Two severed heads, one selfie and a lesson in ethics for medical students
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Medical professionals are bound by a strict code of ethics.

And it’s one that would most probably include NOT taking a selfie with two severed heads from cadavers.

That was a lesson graduate dental students and a top University of Connecticut orthodontics professor learned last week when a copy of the selfie they took at a training workshop last year at Yale University was obtained by the Associated Press.

Yale officials have condemned the behaviour as “disturbing” and “inexcusable”.

The people in the selfie were several graduate dental school students and physician Flavio Uribe, an assistant professor and orthodontics programme director at UConn Health and a visiting professor at Yale.

All wore surgical masks as they looked at the camera. With two severed, face-up heads on tables nearby.

It was taken last June at the Yale School of Medicine during the 2017 DePuy Synthes Future Leaders Workshop, which focused on dental-related facial deformities.

The AP wrote that a person, who demanded to be anonymous for fear of potential harm to their career, had received the selfie through a private group chat. But the person said it was not given permission to publish the selfie by the person who took it, as they feared reprisals.

Uribe told the AP he was teaching students how to place screws in the cadaver heads.

“Somebody, unfortunately, took a photo,” Uribe said.

“It was so quick. I wasn’t sure of the surroundings or scenery at that point.”

In a statement, UConn Health’s chief communications officer Christopher Hyers said: “UConn Health was made aware of the matter at the time it happened and took appropriate internal steps.”

Uribe said he had never been disciplined by UConn for any reason.

A spokesman for Yale said the School of Medicine, Thomas Conroy, took the matter very seriously. He said there was clear signage forbidding photography at each entrance to the laboratory.

“The photograph taken at a symposium at Yale was disturbing and an inexcusable deviation from anything Yale would expect to occur,” Conroy said in a statement.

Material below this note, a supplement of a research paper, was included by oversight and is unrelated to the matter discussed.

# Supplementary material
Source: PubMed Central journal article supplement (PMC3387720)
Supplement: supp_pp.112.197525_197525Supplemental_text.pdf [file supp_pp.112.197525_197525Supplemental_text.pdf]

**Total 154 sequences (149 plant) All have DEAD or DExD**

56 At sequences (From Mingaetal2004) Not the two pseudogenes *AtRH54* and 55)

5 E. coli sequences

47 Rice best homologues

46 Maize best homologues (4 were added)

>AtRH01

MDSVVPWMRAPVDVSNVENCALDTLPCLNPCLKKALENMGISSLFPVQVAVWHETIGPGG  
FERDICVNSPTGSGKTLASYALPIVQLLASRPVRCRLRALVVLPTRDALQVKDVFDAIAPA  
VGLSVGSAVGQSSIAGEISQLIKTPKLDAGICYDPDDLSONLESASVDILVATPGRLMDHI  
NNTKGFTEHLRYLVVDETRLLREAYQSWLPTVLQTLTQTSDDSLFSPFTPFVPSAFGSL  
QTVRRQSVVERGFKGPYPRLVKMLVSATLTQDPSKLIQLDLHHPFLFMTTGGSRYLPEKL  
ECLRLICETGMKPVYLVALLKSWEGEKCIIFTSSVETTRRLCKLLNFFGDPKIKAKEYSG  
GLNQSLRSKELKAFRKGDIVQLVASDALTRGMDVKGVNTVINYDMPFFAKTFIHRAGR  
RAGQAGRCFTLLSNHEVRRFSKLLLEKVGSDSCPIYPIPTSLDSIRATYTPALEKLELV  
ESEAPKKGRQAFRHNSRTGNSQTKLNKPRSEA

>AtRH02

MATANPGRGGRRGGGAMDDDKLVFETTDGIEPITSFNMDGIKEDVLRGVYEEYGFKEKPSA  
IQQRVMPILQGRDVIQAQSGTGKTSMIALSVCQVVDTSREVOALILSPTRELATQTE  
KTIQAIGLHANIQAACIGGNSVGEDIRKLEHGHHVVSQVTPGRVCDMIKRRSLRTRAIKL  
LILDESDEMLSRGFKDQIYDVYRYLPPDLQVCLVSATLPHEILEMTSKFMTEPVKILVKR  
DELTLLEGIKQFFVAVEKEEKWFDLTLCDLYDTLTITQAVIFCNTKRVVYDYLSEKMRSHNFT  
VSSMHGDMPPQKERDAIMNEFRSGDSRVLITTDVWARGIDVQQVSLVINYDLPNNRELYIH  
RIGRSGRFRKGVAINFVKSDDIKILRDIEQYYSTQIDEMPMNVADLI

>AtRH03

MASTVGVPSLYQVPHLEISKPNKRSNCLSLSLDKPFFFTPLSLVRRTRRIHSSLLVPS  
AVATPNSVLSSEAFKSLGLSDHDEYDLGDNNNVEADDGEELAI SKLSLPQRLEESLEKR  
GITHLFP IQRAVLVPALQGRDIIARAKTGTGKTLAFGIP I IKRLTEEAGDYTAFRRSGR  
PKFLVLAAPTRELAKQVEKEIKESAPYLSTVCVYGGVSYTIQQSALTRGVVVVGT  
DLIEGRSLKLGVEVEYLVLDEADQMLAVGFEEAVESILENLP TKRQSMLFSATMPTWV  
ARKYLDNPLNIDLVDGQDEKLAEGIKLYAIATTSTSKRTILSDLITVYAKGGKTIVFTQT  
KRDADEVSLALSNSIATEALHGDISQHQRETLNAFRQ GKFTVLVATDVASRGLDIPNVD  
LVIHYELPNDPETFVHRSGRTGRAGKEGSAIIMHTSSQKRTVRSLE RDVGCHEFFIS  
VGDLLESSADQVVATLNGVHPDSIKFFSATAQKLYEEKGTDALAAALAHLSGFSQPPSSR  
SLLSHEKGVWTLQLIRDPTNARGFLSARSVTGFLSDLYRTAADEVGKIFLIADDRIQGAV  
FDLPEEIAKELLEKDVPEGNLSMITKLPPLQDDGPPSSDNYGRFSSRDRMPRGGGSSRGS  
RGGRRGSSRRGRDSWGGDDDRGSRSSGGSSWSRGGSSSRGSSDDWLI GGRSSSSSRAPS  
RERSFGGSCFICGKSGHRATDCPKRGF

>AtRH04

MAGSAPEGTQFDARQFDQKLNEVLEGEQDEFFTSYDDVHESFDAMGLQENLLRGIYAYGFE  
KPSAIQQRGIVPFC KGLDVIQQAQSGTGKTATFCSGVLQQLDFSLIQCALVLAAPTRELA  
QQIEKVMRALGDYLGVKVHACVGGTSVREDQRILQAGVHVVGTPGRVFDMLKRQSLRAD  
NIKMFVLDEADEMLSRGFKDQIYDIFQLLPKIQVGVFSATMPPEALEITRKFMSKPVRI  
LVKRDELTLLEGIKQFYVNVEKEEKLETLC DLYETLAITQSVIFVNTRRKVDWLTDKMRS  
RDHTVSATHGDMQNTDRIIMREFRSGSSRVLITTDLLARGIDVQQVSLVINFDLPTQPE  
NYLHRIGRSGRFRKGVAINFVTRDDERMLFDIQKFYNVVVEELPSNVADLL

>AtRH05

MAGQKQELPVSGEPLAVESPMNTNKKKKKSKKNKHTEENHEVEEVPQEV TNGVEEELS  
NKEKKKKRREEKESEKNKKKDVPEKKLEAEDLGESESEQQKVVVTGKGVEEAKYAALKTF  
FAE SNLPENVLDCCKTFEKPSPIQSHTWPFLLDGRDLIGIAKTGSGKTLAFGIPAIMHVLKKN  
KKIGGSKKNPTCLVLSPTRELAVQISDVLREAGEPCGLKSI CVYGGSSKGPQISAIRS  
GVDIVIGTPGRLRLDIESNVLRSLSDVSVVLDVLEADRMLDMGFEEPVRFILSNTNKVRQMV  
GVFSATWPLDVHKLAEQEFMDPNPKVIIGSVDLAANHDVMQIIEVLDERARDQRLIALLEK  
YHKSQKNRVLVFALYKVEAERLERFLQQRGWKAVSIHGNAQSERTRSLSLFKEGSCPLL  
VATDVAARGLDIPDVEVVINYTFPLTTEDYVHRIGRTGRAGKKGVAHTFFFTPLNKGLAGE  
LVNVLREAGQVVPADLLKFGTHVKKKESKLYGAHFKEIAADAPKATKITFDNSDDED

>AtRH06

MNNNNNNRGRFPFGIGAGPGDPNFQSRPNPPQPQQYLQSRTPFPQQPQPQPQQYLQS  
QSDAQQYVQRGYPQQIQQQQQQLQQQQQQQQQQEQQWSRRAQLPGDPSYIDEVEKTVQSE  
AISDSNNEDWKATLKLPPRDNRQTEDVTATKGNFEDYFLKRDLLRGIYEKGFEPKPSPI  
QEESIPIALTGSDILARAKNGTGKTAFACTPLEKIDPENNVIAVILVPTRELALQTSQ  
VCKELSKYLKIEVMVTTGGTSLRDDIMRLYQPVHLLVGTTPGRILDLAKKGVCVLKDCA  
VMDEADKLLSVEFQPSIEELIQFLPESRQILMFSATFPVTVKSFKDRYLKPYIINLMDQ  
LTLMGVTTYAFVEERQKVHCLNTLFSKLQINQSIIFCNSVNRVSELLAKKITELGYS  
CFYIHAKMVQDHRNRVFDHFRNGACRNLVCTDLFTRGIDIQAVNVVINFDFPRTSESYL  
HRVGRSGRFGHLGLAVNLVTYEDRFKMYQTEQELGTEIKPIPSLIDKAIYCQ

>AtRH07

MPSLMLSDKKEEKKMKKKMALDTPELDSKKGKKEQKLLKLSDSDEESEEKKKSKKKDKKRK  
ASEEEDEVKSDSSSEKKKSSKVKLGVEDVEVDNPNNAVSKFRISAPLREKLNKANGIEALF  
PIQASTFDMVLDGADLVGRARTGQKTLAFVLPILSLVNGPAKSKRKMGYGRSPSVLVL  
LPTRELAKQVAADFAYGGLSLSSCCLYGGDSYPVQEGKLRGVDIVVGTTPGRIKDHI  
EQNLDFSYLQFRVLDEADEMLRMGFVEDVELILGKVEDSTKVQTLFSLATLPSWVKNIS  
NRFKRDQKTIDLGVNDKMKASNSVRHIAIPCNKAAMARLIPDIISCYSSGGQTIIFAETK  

“The faculty member who was involved in the training at which the photograph was taken has been informed of Yale’s expectations in this regard.”

Conroy said the heads were not donated to Yale and that the symposium was not part of Yale’s anatomy programme.

The AP wrote it did not know how the heads were obtained.

Operating with cadavers is a usual rite of passage for every medical student. A Stanford Medicine News Center’s story describes how on the first day of anatomy lab for first-years starts with a moment of silence in honour of the donated cadavers on their tables, before unzipping them from their plastic covering.

It’s a stark contrast from how Uribe and his students had treated the donated bodies.

Victor Contreras, a student from San Diego, said he had mixed feelings the morning before the reported Stanford anatomy lab.

“I’m obviously very excited. At the same time, I’m kind of nervous. This is a human person. This is someone’s loved one. I’ll basically be cutting them up.”

“Every now and then it hits me this is a real person.”

Another student, Osama El-Gabalawy, said: “We’ll be looking inside somebody who gave their life and their body.”

Lawrence Rizzolo, a surgery professor and director of medical studies at the Yale School of Medicine, told the AP that the selfie photo was “an egregious violation of Yale policy”.

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